The Healthy Minds Network logo

The Healthy Minds Study

Fall 2021 Data Report

View the report

Mental Health Concerns

  • Depression
    40% of survey respondents report having been diagnosed with depression at some point in their lives. A little more than half of respondents (54%) report moderate to severe depression at the time of survey administration as measured by the Patient Health Questionnaire (PHQ-9).2 By comparison, 33% of students in the national HMS sample reported having been diagnosed with depression at some point in their lives and 43% reported moderate to severe depression at the time of survey administration.2
  • Anxiety

    Nearly half of the respondents (44%) report a previous diagnosis of anxiety at some point in their lives. Similarly, nearly half (46%) reported moderate to severe anxiety at the time of the survey administration as measured by the GAD-7.3 By comparison, 38% of students in the national HMS sample reported having been diagnosed with anxiety at some point in their lives and 38% reported moderate or severe anxiety at the time of survey administration.3

  • Eating Disorders

    About 9% of respondents reported having been diagnosed with an eating disorder at some point in their lives. To further screen for those who may be at risk for an eating disorder the SCOFF questionnaire (a five item self-report measure) is commonly used. Using a cut-off score of 3 or higher suggests about one in four respondents (27%) may be at risk for an eating disorder.4

    National data indicate that 5% of students report having been diagnosed with an eating disorder at some point in their lives and 12% screen for being at risk (SCOFF score of 3 or greater).4

  • Alcohol, Marijuana, and Other Drug Use

    57% of respondents had not consumed any alcohol or drugs in the previous 30 days (or, approximately 465 of 2201 students overall.). Differences in alcohol consumption among Willamette students were observed by gender. Among students who reported drinking within the prior two weeks, 68% of males, 64% of females, and 53% of transgender, gender-non-conforming, non-binary, and genderqueer (TGNQ) students reported high-risk drinking at least one time; however, the number of responses for TGNQ students was small, making it difficult to draw strong conclusions for that group.5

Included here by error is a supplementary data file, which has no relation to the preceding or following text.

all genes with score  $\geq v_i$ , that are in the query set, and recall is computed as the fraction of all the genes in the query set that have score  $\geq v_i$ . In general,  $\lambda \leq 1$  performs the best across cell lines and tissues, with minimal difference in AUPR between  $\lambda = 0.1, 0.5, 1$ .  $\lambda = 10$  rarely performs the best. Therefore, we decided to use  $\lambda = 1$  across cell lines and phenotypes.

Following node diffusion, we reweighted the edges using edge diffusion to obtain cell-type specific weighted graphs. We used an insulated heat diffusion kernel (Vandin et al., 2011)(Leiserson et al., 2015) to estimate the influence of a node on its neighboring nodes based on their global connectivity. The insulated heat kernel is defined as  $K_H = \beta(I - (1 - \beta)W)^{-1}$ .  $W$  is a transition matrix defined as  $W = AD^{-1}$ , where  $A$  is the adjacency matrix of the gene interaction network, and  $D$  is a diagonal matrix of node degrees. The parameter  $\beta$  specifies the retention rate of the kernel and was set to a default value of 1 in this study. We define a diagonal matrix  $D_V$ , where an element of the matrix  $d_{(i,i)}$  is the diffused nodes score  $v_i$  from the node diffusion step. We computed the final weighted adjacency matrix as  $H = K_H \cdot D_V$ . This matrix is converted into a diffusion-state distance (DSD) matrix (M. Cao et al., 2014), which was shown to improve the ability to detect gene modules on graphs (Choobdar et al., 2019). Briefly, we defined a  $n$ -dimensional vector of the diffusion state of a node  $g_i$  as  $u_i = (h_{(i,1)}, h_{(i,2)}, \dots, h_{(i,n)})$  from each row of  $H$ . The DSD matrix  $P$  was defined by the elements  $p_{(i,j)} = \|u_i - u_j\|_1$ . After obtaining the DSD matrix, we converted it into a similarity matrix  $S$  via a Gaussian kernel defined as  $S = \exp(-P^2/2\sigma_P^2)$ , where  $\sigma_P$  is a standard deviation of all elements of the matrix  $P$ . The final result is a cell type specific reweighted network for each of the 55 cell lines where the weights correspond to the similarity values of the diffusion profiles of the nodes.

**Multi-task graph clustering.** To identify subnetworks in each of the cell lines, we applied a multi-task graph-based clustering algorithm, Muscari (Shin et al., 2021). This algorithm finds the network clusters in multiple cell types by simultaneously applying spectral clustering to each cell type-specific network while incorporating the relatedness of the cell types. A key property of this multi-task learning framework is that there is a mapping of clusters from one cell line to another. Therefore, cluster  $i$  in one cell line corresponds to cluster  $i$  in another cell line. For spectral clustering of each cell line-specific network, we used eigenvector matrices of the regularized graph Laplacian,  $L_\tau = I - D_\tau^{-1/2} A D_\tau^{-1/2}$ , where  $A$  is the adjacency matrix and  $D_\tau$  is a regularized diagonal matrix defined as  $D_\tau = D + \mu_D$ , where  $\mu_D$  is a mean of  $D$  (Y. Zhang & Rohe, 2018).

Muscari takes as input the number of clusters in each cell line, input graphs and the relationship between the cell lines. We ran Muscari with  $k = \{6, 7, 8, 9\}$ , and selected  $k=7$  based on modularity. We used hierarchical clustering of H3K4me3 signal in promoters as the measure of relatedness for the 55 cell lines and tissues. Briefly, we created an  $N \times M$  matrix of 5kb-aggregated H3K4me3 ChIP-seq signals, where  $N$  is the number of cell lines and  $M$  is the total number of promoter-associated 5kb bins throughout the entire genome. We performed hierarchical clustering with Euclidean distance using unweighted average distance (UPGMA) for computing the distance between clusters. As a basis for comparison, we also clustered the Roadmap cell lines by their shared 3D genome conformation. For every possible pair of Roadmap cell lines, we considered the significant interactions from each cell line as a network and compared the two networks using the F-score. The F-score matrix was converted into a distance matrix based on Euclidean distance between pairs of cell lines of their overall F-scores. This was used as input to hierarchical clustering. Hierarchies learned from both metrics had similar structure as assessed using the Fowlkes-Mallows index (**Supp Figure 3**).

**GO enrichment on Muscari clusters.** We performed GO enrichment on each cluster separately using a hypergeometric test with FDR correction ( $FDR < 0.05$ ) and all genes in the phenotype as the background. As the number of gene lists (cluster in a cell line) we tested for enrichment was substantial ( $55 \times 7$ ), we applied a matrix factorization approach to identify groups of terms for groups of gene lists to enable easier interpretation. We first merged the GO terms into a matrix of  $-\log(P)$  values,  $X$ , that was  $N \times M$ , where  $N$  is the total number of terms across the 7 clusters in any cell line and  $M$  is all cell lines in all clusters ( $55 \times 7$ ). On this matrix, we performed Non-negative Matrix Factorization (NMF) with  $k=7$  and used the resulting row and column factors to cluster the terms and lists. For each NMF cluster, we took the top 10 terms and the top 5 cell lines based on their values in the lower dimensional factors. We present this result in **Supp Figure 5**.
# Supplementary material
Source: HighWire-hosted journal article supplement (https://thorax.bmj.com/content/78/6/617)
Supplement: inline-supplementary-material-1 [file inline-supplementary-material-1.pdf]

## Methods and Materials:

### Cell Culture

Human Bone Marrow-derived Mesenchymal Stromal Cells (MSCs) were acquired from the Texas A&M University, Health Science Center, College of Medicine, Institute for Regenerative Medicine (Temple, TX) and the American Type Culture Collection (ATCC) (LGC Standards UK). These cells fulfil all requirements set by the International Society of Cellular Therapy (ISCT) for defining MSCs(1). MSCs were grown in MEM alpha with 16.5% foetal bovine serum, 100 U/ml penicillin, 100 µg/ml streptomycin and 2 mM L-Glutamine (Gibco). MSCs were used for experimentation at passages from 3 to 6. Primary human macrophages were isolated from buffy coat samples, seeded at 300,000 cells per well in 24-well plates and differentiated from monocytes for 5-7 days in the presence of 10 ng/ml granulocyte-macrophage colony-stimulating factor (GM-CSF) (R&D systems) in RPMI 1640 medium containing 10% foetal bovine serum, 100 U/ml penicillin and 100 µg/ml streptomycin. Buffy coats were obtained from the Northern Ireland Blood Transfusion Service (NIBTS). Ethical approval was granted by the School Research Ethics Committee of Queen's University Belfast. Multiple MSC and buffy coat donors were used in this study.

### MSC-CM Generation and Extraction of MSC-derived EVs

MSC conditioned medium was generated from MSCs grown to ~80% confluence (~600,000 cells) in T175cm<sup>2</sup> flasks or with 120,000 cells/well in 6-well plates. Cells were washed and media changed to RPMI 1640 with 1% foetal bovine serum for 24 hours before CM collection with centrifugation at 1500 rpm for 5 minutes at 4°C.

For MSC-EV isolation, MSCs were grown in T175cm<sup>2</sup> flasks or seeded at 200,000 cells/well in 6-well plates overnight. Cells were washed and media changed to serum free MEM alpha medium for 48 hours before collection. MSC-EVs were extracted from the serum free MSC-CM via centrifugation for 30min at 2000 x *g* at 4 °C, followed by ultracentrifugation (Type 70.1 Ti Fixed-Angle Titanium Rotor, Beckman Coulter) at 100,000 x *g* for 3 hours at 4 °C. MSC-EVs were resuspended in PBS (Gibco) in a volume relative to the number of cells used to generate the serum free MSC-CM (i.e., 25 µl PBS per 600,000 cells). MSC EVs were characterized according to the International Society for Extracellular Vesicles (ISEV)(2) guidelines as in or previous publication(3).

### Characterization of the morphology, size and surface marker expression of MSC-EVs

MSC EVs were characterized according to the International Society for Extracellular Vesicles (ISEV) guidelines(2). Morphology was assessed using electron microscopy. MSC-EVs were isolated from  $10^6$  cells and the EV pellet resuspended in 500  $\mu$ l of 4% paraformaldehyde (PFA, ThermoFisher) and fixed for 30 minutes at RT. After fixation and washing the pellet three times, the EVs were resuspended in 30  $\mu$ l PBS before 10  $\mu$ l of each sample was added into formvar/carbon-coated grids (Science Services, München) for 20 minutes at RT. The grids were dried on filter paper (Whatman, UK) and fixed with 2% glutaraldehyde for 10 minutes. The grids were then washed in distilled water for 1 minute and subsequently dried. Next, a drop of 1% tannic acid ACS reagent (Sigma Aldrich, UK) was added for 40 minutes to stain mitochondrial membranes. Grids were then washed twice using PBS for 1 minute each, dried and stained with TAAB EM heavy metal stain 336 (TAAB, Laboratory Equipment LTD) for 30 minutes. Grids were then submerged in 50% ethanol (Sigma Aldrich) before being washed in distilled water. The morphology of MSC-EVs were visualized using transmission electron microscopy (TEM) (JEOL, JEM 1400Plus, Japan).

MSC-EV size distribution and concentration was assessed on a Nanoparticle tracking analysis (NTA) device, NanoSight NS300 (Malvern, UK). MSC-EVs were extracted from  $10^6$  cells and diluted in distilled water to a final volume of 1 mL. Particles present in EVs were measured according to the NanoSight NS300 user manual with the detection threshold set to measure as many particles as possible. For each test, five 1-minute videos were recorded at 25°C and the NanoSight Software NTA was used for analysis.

Among students who consumed any alcohol, Willamette's transgender, gender-non-conforming, non-binary, and genderqueer (TGNQ) students were less likely to report drinking during those two weeks (47%) than male and female students (32-36%).

    42% of students affirmed some level of marijuana use in the previous 30 days. Reported use of other substances was very low. For example, 1% of respondents affirmed some level of cocaine use in the previous 30 days, 2% affirmed psilocybin use, and 1% affirmed the use of benzodiazepines without a prescription. Overall, 57% of respondents reported no drug use at all in the previous 30 days.

  • Non Suicidal Self Injury and Suicidal Ideation/Behavior

    Non suicidal self injury is intentionally injuring oneself without the intent to end one’s life. Examples include cutting, burning, punching oneself, rubbing sharp objects on skin, etc. A little less than half of respondents (43%) affirmed engaging in self injury at least once in the previous year, compared to 24% of the national data.

    Regarding suicidal thoughts and behaviors; about one quarter of respondents (24%, or 184 students) report having seriously thought about attempting suicide in the previous 12 months, compared to 14% of the national data. Of those students that affirmed considering suicide in the previous twelve months, 36% (66 students) reported making a plan, and 8% (14 students) reported making an attempt.

Help Seeking Behavior and Barriers

  • Help Seeking Behavior